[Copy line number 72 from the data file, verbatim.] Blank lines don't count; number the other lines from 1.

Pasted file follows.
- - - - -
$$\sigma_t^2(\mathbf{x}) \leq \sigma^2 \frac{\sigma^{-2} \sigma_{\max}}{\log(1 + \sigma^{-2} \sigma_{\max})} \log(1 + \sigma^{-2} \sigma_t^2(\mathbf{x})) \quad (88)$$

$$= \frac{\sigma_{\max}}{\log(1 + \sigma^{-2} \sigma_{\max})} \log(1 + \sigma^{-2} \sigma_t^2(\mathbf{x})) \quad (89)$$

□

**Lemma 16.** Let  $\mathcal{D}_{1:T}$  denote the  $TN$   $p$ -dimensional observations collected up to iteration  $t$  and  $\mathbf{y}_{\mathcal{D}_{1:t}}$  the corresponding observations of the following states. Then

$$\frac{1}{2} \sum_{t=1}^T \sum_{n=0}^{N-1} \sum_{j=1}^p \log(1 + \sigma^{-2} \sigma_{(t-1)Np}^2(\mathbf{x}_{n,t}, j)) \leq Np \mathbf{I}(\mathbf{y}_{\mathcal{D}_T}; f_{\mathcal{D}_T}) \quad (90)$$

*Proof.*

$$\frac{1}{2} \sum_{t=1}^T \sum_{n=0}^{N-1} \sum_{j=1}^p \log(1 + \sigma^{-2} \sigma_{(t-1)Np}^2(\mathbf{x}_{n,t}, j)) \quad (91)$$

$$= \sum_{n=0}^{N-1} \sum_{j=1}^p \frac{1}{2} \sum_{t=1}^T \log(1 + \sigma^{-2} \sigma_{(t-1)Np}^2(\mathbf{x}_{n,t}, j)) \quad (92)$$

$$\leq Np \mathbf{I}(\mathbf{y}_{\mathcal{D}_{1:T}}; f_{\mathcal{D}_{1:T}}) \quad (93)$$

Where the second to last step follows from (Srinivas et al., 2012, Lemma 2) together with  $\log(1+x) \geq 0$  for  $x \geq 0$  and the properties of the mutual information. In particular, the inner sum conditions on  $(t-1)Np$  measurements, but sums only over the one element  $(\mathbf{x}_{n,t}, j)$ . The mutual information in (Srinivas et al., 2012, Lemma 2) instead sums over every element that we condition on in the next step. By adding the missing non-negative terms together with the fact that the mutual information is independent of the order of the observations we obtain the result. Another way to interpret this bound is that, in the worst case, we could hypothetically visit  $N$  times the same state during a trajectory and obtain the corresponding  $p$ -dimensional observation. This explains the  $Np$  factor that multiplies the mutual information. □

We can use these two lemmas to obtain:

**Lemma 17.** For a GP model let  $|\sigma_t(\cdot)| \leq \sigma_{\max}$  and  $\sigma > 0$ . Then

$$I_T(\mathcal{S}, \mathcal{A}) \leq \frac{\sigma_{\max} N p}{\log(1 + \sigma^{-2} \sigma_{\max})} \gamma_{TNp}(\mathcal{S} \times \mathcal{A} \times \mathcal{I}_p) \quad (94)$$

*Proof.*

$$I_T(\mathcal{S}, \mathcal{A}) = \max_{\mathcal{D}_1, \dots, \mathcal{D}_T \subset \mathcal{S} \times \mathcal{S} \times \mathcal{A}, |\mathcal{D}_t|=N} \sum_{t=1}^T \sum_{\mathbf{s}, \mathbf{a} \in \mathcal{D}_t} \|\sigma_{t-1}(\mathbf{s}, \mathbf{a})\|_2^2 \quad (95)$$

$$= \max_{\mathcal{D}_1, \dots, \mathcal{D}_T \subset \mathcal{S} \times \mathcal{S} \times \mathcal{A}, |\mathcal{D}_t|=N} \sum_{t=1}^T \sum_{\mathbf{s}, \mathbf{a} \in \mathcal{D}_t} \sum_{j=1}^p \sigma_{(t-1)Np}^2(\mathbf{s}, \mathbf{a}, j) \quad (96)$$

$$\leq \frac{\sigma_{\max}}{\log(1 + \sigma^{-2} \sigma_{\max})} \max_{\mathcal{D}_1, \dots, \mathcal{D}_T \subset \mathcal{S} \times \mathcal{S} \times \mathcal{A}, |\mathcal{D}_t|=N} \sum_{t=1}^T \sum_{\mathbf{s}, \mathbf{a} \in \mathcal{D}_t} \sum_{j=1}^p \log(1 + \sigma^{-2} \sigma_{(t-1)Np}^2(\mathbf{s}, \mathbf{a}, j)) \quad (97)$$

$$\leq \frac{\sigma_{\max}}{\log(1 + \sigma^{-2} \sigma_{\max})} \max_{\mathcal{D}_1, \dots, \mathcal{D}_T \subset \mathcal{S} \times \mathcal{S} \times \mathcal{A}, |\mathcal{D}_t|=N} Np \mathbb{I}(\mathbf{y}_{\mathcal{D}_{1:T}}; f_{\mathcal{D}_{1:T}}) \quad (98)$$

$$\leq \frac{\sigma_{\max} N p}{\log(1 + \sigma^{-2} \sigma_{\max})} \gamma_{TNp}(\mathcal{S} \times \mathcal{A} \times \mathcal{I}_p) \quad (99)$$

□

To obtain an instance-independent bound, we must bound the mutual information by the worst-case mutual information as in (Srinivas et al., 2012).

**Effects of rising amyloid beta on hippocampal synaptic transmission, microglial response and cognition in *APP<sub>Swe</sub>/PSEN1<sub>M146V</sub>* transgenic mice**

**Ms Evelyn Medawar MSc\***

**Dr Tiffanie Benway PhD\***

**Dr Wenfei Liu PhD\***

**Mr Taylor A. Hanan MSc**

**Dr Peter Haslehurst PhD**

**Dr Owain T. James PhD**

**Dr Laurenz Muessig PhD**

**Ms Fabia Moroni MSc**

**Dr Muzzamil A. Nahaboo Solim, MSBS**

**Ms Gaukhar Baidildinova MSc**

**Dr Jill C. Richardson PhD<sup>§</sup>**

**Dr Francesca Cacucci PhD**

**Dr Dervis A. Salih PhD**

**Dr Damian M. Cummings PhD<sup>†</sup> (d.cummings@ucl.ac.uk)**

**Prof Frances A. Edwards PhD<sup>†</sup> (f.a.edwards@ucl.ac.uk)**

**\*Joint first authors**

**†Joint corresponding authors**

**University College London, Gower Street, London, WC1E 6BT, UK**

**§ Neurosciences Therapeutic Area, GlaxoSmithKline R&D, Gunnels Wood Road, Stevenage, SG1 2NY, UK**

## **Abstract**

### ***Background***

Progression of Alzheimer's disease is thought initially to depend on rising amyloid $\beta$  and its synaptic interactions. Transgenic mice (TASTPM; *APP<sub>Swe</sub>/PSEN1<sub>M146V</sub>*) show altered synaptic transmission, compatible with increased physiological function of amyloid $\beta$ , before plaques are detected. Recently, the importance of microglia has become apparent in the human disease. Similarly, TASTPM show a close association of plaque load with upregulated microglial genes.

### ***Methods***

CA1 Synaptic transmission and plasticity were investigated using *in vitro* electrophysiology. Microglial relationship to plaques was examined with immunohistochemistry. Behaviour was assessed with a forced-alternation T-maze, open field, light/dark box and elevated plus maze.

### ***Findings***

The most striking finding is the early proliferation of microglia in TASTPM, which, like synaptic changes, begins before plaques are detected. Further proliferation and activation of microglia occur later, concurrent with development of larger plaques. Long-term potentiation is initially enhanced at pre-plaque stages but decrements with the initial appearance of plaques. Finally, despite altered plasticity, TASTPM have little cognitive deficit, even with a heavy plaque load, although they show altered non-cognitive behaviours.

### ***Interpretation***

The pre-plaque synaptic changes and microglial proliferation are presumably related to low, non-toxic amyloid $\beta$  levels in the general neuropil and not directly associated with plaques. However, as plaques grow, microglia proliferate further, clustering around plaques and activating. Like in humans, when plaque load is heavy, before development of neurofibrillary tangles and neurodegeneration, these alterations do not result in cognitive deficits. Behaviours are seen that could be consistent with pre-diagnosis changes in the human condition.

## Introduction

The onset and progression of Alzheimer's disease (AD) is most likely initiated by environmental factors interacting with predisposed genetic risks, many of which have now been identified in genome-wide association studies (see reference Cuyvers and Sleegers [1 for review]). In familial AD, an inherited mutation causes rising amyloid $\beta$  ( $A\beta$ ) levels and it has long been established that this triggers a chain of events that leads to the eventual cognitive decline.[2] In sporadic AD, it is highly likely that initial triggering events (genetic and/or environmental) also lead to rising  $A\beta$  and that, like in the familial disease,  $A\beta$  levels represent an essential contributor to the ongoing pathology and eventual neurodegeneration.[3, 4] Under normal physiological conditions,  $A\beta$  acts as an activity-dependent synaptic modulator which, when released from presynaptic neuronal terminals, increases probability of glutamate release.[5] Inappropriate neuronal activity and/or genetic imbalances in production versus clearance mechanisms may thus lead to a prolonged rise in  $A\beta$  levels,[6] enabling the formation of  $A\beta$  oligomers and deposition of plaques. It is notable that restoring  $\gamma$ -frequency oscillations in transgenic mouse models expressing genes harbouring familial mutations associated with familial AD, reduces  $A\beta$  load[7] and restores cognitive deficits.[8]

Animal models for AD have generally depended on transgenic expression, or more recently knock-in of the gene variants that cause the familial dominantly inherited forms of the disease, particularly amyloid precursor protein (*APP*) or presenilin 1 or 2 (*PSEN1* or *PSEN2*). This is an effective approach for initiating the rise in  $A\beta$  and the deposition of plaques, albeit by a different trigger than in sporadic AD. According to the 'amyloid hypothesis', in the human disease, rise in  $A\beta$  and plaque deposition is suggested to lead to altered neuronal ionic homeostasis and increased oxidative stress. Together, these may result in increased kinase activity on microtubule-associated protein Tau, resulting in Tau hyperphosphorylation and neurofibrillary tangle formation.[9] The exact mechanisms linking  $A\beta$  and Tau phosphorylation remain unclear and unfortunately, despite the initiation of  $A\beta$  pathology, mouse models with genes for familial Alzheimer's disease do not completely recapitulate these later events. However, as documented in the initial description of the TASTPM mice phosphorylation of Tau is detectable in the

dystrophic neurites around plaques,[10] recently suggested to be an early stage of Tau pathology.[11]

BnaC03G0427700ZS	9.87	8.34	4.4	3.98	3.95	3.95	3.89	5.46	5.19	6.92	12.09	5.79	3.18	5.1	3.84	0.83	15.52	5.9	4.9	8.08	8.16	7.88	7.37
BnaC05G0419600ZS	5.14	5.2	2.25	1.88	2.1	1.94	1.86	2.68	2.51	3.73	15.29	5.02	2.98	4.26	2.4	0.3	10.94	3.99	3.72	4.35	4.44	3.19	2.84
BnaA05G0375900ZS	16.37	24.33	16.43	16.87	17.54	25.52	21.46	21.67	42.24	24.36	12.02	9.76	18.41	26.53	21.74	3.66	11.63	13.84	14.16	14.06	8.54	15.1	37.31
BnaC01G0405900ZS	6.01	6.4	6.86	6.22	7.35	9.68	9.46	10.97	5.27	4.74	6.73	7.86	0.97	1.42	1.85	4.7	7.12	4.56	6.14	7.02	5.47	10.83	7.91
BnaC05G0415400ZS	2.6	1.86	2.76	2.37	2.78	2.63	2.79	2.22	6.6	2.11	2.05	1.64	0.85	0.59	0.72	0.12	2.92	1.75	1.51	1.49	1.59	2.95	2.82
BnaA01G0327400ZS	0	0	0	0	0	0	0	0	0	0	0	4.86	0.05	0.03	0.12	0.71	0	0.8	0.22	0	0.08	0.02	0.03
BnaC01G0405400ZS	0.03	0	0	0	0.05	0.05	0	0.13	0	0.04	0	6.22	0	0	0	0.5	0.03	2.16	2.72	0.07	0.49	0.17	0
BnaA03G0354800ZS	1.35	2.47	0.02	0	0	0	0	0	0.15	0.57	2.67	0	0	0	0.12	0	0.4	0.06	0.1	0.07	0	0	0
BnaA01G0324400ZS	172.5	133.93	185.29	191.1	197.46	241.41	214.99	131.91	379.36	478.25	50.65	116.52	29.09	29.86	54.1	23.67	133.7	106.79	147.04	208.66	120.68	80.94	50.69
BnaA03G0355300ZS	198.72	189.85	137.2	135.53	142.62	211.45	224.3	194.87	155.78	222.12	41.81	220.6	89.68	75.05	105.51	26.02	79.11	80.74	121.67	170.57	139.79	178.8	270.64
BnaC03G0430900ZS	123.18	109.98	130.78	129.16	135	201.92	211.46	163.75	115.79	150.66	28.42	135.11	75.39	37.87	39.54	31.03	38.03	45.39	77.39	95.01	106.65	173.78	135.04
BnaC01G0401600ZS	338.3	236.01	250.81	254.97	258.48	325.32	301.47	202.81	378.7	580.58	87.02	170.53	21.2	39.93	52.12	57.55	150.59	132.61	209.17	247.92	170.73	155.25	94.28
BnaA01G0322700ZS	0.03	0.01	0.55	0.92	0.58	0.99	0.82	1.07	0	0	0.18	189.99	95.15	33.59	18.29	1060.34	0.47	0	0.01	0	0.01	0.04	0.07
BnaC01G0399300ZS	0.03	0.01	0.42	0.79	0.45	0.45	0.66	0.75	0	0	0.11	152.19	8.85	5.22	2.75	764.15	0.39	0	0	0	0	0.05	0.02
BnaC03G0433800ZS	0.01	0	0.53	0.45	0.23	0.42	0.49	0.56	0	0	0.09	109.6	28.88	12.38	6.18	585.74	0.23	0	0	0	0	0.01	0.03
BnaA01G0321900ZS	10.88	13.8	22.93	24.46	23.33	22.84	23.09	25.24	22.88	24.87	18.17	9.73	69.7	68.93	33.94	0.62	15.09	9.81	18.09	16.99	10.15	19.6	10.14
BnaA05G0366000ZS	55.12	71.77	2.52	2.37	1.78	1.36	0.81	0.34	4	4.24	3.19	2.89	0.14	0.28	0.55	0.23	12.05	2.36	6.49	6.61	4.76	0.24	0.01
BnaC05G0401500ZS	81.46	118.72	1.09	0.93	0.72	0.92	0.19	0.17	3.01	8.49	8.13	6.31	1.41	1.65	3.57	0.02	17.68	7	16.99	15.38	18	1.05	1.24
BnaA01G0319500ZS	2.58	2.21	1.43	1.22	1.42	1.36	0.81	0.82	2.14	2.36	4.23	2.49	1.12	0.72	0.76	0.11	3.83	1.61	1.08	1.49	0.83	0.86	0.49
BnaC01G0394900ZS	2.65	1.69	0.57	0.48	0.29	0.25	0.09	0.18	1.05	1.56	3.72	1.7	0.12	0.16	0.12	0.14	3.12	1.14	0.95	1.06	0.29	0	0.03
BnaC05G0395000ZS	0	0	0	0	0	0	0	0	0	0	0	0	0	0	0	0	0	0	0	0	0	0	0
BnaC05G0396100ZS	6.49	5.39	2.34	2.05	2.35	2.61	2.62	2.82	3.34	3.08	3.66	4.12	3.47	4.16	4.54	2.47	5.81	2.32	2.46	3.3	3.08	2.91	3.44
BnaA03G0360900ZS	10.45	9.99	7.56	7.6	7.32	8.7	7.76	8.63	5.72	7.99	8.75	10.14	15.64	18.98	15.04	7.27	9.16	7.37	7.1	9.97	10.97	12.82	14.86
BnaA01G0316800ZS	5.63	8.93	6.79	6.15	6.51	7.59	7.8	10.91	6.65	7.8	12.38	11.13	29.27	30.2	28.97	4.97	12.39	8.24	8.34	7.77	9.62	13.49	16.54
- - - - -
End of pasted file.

BnaC05G0401500ZS	81.46	118.72	1.09	0.93	0.72	0.92	0.19	0.17	3.01	8.49	8.13	6.31	1.41	1.65	3.57	0.02	17.68	7	16.99	15.38	18	1.05	1.24